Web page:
- If you’re worried you’ll still lose things: Use a Rocketbook to take notes and keep digital files! Then you can write down where you put something important. The technology isn’t quite there yet but within the next few years, you should be able to tell your Google Home device to remember where you put things for you.
- If you can’t deal with mail or papers as soon as you get them: Designate a “holding spot” for items you need to address soon. Warning: this can easily get out of hand, and it takes a lot of discipline to come back to things later, so I don’t recommend this to everyone. But if you can get in the habit of clearing out the “holding spot” at the end of each day, having a spot on the counter or a mail holder on the wall can be a great way to stay on top of important papers.
I have THIS hanging inside my main closet and I use something similar to THIS on my countertop. While products like these can help keep the clutter at bay, it’s important not to just use them as a dumping spot – these organizers are meant to be temporary storage.
Make It Work for You
Motherhood is hard enough without wasting time looking for things you can’t find. That’s why I take the time to set up organization systems that work for me. My pantry has a specific layout, my spices are in alphabetical order, there are labels on each shelf in my fridge, and my junk drawer is actually organized into different sections.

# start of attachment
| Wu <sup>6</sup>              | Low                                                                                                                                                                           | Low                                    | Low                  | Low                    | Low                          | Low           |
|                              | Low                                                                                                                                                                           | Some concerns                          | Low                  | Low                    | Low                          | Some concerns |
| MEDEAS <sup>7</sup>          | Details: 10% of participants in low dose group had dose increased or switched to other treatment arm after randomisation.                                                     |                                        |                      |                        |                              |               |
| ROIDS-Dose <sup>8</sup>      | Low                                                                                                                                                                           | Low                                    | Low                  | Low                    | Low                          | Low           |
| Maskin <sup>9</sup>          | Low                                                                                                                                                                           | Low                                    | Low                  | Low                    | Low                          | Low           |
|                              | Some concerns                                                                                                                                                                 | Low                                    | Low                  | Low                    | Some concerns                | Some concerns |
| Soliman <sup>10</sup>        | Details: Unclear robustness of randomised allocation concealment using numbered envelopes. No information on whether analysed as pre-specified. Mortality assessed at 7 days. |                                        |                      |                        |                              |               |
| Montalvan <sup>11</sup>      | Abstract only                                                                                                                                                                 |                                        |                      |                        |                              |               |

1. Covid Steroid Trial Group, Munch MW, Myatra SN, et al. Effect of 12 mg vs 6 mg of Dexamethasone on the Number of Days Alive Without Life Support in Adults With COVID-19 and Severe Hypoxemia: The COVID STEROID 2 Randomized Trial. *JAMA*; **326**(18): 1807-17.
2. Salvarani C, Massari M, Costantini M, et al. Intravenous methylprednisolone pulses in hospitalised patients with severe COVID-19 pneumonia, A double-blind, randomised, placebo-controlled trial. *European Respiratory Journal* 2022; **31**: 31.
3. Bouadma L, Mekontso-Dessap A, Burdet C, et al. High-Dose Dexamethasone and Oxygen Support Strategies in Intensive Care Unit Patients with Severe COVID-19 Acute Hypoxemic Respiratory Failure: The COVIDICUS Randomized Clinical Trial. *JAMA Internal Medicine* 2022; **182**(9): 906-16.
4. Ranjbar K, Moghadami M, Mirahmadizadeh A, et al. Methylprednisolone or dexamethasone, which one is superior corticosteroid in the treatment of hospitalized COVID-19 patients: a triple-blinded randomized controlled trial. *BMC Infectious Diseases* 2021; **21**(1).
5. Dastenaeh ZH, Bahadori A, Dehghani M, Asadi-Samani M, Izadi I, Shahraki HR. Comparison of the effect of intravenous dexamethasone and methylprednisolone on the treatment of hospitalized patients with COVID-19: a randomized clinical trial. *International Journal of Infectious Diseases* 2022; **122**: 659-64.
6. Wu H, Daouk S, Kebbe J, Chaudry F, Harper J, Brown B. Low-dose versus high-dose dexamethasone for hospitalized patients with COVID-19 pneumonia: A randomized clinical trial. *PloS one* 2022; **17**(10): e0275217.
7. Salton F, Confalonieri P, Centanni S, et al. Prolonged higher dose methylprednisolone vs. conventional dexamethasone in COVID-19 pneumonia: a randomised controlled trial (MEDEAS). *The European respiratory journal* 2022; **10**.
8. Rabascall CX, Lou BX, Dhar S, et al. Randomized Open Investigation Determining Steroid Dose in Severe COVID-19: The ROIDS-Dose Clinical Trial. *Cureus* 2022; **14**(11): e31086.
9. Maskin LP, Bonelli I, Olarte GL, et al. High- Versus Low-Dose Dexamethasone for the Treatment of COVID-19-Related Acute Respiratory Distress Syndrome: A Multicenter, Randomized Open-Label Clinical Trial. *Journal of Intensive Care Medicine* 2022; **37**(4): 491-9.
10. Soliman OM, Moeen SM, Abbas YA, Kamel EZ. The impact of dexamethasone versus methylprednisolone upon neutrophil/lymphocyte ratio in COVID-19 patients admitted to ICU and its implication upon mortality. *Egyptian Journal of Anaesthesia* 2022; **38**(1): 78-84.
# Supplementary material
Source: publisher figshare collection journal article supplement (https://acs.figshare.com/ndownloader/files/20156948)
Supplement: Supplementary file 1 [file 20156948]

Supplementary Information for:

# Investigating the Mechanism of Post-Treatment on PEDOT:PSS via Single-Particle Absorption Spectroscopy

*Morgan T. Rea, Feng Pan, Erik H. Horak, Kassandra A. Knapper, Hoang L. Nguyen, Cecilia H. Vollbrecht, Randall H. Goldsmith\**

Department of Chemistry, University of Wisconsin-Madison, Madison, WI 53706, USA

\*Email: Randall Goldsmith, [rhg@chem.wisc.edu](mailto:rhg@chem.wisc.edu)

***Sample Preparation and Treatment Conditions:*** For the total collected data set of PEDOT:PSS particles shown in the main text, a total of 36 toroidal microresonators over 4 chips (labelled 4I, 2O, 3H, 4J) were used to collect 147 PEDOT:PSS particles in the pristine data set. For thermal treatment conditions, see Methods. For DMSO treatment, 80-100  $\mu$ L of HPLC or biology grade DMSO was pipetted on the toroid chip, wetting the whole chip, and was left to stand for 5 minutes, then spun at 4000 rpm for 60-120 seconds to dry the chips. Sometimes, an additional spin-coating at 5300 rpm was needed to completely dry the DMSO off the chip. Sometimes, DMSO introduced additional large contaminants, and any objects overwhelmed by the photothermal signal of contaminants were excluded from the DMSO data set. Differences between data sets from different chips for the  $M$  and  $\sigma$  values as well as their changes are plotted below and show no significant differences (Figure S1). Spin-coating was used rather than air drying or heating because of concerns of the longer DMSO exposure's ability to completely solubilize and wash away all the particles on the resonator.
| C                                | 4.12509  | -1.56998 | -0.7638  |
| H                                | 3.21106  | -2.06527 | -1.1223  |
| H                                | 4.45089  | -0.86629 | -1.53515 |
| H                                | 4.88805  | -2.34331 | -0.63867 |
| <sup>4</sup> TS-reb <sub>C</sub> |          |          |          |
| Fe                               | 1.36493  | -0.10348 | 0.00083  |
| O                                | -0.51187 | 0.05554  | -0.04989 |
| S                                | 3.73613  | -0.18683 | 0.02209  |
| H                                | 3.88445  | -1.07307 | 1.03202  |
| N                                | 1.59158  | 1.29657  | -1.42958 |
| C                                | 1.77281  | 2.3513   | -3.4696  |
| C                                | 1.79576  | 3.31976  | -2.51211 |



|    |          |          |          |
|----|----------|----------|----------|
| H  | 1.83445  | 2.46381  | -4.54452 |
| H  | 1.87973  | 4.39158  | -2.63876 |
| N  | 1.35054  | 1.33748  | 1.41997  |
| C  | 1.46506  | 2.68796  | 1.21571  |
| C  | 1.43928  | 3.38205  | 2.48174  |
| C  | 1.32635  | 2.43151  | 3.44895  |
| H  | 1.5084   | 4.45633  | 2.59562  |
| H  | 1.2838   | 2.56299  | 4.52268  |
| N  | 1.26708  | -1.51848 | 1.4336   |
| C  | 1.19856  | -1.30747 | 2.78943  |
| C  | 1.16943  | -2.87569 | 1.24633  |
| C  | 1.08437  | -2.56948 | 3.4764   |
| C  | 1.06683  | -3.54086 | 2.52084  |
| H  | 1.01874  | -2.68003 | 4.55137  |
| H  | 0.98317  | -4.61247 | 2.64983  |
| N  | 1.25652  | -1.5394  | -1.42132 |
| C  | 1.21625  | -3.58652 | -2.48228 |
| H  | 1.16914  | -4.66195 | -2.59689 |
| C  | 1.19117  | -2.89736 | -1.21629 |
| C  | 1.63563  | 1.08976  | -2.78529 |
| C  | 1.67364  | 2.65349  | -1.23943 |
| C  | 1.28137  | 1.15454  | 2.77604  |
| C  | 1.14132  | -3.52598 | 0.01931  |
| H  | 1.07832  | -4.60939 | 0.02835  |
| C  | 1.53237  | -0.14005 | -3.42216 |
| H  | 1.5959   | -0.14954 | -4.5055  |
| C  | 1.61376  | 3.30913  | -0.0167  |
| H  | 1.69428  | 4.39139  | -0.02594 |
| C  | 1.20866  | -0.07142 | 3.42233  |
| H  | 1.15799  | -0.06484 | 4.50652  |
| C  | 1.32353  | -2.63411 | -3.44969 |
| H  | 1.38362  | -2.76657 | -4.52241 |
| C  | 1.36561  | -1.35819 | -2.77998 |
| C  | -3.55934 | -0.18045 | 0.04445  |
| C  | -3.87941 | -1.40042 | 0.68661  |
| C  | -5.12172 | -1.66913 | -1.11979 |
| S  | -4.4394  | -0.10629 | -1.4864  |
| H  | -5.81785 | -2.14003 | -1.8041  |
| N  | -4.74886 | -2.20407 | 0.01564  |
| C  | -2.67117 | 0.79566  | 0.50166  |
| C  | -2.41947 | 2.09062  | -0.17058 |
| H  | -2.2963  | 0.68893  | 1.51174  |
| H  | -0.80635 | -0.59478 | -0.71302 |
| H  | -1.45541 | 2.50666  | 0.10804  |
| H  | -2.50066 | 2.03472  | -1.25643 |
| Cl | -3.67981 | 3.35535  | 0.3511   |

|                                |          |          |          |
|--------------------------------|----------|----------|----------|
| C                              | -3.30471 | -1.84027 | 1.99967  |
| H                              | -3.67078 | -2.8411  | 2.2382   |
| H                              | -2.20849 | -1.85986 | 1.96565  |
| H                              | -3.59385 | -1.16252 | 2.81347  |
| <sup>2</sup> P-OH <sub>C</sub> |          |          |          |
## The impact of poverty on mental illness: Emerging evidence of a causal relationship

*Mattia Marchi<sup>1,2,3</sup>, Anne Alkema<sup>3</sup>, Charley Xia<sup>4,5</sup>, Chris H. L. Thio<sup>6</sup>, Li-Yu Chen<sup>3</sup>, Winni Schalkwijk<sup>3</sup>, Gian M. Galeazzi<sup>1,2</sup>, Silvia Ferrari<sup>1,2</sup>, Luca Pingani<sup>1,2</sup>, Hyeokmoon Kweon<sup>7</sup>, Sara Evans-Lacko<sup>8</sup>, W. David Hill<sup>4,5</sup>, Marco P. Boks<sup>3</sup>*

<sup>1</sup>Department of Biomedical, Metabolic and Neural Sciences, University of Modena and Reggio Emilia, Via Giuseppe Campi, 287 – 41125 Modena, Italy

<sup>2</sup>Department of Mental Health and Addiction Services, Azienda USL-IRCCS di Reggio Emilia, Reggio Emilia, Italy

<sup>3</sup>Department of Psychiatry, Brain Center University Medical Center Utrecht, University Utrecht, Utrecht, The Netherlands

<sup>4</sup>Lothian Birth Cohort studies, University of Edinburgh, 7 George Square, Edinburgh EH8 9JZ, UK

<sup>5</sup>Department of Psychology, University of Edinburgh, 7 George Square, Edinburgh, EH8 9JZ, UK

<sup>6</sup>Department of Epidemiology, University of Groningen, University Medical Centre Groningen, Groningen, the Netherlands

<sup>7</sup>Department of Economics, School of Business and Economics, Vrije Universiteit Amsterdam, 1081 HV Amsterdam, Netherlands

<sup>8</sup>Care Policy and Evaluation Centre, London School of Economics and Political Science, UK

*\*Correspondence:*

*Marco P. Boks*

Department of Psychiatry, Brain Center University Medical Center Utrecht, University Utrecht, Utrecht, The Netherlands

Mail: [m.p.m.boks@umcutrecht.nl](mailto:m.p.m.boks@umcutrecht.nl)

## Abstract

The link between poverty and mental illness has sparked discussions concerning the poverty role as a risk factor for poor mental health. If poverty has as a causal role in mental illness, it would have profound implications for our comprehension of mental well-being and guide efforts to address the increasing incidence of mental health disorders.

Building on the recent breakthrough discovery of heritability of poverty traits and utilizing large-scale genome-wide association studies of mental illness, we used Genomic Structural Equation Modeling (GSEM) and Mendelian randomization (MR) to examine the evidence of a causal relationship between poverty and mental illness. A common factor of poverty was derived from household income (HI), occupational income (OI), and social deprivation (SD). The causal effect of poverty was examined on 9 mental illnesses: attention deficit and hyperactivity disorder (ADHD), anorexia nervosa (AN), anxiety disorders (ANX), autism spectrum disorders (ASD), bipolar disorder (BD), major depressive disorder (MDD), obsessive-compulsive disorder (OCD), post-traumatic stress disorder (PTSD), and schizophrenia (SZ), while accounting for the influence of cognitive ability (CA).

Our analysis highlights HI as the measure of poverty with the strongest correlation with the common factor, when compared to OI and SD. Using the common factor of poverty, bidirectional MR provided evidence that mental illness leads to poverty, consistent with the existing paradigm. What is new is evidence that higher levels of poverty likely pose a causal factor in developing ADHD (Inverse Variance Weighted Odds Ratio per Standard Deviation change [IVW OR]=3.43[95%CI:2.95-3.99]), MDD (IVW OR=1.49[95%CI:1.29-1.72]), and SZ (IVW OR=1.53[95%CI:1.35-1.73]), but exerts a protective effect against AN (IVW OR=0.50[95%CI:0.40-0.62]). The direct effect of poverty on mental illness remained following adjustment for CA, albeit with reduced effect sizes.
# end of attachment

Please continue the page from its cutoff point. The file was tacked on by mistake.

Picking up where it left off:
And no, before you ask, I’m not OCD*. I just really care about everything having a place in my home.
*Just because you like things to be a certain way or you prefer order does not mean you suffer from OCD, a real disorder that involves impulsive actions and affects daily behavior. If you believe you could be dealing with true OCD, please contact a doctor immediately.
This doesn’t mean that my home is always clean, and I’ve definitely had to redo organizational systems over time to adapt to our changing life.
But I’m not aiming for perfection! I’m striving to create a home that works FOR me, rather than against me, and after years of trial and error, I’ve learned what works for me.
Mama, don’t get caught up in beautiful organizational systems that are unsustainable for your family. Don’t beat yourself up for not having your home completely organized at all times. Just look for small ways to streamline your home and your sanity.
How do you keep your papers organized? Let me know in the comments, and please share this post with your friends!